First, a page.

In his first Christmas speech as British King, Charles III. condolences to all families in need. The monarch said in the televised speech on Sunday afternoon there was a "time of great anxiety and need". This applies to everyone worldwide who is exposed to conflict, famine or natural disasters, as well as those "who find ways to pay their bills and feed their families and keep them warm". Millions of people in the UK are struggling with increased food prices and energy costs.
It was the first time a king gave the televised Christmas speech. Charles' mother Queen Elizabeth II was the first monarch to address the population on television at Christmas in 1957. The Queen's speech was broadcast live at the time, but it has long since been recorded. Charles' speech was recorded at St George's Chapel in Windsor on December 13th. Buried beneath the church in the grounds of Windsor Castle is the Queen, who died on September 8 after 70 years on the throne.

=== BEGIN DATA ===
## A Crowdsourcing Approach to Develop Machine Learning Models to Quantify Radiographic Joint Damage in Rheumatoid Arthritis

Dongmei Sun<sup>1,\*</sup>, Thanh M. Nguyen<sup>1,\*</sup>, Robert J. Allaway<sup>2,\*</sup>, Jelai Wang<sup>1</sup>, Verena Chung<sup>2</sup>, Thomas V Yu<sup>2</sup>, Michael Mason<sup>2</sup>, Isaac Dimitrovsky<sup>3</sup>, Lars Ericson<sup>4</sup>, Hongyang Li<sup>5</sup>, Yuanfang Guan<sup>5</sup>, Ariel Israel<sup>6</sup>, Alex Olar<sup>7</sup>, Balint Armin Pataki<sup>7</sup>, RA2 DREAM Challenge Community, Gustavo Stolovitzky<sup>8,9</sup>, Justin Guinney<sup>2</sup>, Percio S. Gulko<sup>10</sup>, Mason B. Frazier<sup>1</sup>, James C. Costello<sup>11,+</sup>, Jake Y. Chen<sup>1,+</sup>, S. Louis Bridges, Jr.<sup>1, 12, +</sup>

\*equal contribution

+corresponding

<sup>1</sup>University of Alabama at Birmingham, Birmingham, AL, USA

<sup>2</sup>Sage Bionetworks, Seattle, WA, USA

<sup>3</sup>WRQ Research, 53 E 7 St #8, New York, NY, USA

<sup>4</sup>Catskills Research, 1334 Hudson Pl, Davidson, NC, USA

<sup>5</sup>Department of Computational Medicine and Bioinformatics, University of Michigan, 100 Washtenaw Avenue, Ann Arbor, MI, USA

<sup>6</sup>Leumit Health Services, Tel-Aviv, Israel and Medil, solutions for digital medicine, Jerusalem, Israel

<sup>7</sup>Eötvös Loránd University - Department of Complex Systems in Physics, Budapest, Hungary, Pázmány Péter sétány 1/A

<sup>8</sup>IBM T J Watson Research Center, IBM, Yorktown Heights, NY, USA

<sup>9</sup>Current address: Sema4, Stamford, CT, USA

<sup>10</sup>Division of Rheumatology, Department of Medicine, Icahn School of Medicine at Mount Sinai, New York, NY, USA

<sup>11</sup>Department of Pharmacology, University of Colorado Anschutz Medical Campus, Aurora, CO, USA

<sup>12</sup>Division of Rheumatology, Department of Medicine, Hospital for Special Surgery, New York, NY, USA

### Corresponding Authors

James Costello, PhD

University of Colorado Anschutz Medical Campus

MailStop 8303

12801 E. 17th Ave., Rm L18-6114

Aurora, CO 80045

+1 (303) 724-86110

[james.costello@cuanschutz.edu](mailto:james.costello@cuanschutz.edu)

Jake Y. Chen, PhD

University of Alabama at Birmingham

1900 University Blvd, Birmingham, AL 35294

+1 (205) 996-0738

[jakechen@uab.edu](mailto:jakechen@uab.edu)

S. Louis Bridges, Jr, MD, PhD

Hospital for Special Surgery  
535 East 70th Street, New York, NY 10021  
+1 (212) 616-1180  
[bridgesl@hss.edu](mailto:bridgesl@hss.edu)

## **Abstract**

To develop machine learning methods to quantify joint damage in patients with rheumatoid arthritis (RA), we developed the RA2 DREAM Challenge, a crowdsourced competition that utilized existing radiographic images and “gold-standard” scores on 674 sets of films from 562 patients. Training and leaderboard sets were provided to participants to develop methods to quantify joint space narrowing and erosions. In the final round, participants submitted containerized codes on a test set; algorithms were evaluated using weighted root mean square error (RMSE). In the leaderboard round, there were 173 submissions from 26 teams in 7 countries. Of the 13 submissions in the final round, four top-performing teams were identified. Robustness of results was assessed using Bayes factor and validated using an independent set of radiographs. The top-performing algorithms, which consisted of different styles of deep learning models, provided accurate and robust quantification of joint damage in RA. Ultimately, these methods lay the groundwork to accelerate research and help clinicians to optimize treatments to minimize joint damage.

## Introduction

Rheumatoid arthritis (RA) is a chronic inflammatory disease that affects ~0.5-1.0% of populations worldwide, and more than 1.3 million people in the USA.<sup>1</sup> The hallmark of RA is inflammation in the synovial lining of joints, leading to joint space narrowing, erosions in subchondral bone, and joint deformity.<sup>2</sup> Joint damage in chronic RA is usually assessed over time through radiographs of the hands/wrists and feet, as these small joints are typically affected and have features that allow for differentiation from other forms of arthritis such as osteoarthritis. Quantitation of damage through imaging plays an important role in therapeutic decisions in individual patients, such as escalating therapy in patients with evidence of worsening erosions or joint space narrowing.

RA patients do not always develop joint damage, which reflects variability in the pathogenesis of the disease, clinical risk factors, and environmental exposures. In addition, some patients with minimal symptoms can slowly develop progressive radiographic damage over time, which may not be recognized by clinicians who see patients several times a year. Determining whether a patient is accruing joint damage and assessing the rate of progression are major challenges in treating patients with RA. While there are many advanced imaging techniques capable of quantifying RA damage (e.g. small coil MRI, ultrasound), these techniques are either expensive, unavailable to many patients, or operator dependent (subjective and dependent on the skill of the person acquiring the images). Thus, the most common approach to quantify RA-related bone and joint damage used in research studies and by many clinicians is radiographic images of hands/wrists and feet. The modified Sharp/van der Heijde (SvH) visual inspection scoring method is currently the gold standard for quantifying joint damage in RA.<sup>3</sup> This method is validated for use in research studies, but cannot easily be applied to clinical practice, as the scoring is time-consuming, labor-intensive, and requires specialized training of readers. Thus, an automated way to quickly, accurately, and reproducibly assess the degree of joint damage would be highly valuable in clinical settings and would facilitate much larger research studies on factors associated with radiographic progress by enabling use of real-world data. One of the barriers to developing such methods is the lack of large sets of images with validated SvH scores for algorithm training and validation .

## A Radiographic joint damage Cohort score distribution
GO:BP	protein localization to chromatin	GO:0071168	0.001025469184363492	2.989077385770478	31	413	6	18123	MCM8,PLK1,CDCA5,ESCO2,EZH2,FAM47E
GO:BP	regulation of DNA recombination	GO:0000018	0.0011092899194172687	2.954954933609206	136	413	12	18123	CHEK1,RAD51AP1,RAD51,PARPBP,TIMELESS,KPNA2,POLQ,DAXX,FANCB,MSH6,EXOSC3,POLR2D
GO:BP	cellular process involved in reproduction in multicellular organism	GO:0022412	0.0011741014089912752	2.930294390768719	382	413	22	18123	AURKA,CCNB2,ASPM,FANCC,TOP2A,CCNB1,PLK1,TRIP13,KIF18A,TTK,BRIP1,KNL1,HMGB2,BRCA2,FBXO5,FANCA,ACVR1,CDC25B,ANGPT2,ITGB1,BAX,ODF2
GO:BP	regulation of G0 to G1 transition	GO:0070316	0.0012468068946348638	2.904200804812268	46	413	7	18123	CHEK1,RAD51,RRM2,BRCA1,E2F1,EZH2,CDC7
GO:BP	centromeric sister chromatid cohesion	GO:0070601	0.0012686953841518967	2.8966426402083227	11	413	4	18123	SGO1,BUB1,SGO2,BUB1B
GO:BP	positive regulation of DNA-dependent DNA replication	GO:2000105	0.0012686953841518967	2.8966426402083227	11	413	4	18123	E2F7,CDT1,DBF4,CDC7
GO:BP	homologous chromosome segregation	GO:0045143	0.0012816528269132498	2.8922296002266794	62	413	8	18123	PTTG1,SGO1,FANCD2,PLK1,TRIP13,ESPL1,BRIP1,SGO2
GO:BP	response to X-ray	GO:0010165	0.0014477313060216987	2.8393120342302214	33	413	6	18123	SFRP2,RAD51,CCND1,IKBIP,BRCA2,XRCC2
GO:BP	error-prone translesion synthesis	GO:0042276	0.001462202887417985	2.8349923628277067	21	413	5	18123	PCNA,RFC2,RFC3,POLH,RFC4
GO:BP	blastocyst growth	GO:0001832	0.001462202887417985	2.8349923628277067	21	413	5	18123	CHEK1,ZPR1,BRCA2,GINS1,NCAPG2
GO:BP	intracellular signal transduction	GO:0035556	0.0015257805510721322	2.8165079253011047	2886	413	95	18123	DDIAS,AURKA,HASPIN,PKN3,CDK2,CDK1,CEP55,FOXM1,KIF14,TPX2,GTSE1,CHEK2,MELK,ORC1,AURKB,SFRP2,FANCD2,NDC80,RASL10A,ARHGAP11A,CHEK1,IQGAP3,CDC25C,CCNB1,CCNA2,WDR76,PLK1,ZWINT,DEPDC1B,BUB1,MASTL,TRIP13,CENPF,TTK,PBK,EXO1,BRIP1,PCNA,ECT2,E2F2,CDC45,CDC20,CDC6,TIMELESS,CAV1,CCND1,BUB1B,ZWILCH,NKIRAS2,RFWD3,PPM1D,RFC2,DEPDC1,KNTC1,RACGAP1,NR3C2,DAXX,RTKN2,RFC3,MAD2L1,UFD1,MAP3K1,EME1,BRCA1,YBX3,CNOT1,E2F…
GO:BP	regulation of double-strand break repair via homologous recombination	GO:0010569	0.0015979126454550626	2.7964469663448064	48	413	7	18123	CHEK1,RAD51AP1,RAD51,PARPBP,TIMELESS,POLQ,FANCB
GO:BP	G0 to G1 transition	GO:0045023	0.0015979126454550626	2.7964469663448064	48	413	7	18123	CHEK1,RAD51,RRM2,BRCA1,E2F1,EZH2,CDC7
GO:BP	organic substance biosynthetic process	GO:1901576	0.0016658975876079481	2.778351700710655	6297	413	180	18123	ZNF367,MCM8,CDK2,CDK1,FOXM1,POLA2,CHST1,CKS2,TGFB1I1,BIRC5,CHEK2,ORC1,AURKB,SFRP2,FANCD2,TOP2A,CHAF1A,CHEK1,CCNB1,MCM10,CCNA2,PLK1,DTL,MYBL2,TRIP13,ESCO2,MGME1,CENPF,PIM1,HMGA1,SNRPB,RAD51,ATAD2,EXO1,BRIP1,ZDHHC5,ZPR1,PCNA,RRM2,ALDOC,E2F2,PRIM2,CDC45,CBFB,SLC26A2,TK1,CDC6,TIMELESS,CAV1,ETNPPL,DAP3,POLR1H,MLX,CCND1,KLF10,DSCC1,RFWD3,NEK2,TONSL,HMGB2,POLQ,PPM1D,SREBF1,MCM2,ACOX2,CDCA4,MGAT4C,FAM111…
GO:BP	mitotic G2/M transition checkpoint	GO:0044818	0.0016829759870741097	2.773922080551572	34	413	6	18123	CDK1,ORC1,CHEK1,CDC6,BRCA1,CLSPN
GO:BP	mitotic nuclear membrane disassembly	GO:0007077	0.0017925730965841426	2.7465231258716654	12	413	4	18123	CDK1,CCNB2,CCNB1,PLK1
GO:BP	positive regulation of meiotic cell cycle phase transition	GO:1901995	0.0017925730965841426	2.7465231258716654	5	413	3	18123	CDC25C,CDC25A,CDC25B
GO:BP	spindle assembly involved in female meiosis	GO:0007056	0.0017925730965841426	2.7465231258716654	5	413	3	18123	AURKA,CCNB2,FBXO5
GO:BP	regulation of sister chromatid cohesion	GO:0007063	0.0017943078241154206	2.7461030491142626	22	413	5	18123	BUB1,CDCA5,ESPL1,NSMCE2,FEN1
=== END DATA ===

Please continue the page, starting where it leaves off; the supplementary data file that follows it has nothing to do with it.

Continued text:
In the speech, Charles found personal words for his "beloved" mother. Christmas is a "particularly poignant time for all of us who have lost loved ones," said the king. "We sense her absence at every familiar season and remember her at every cherished tradition." He shared with the late Queen's belief in people who could touch the lives of others with kindness and compassion. This is "the essence of our community and the foundation of our society," said the 74-year-old.
Charles thanked the military, health and social workers, teachers and all government workers for their "selfless service." They would readily respond to the needs of others with much humanity. "I would like to give a special tribute to all the wonderfully kind people who are so generous in donating food or donations or the most precious commodity of all, their time, to support those most in need," said the King.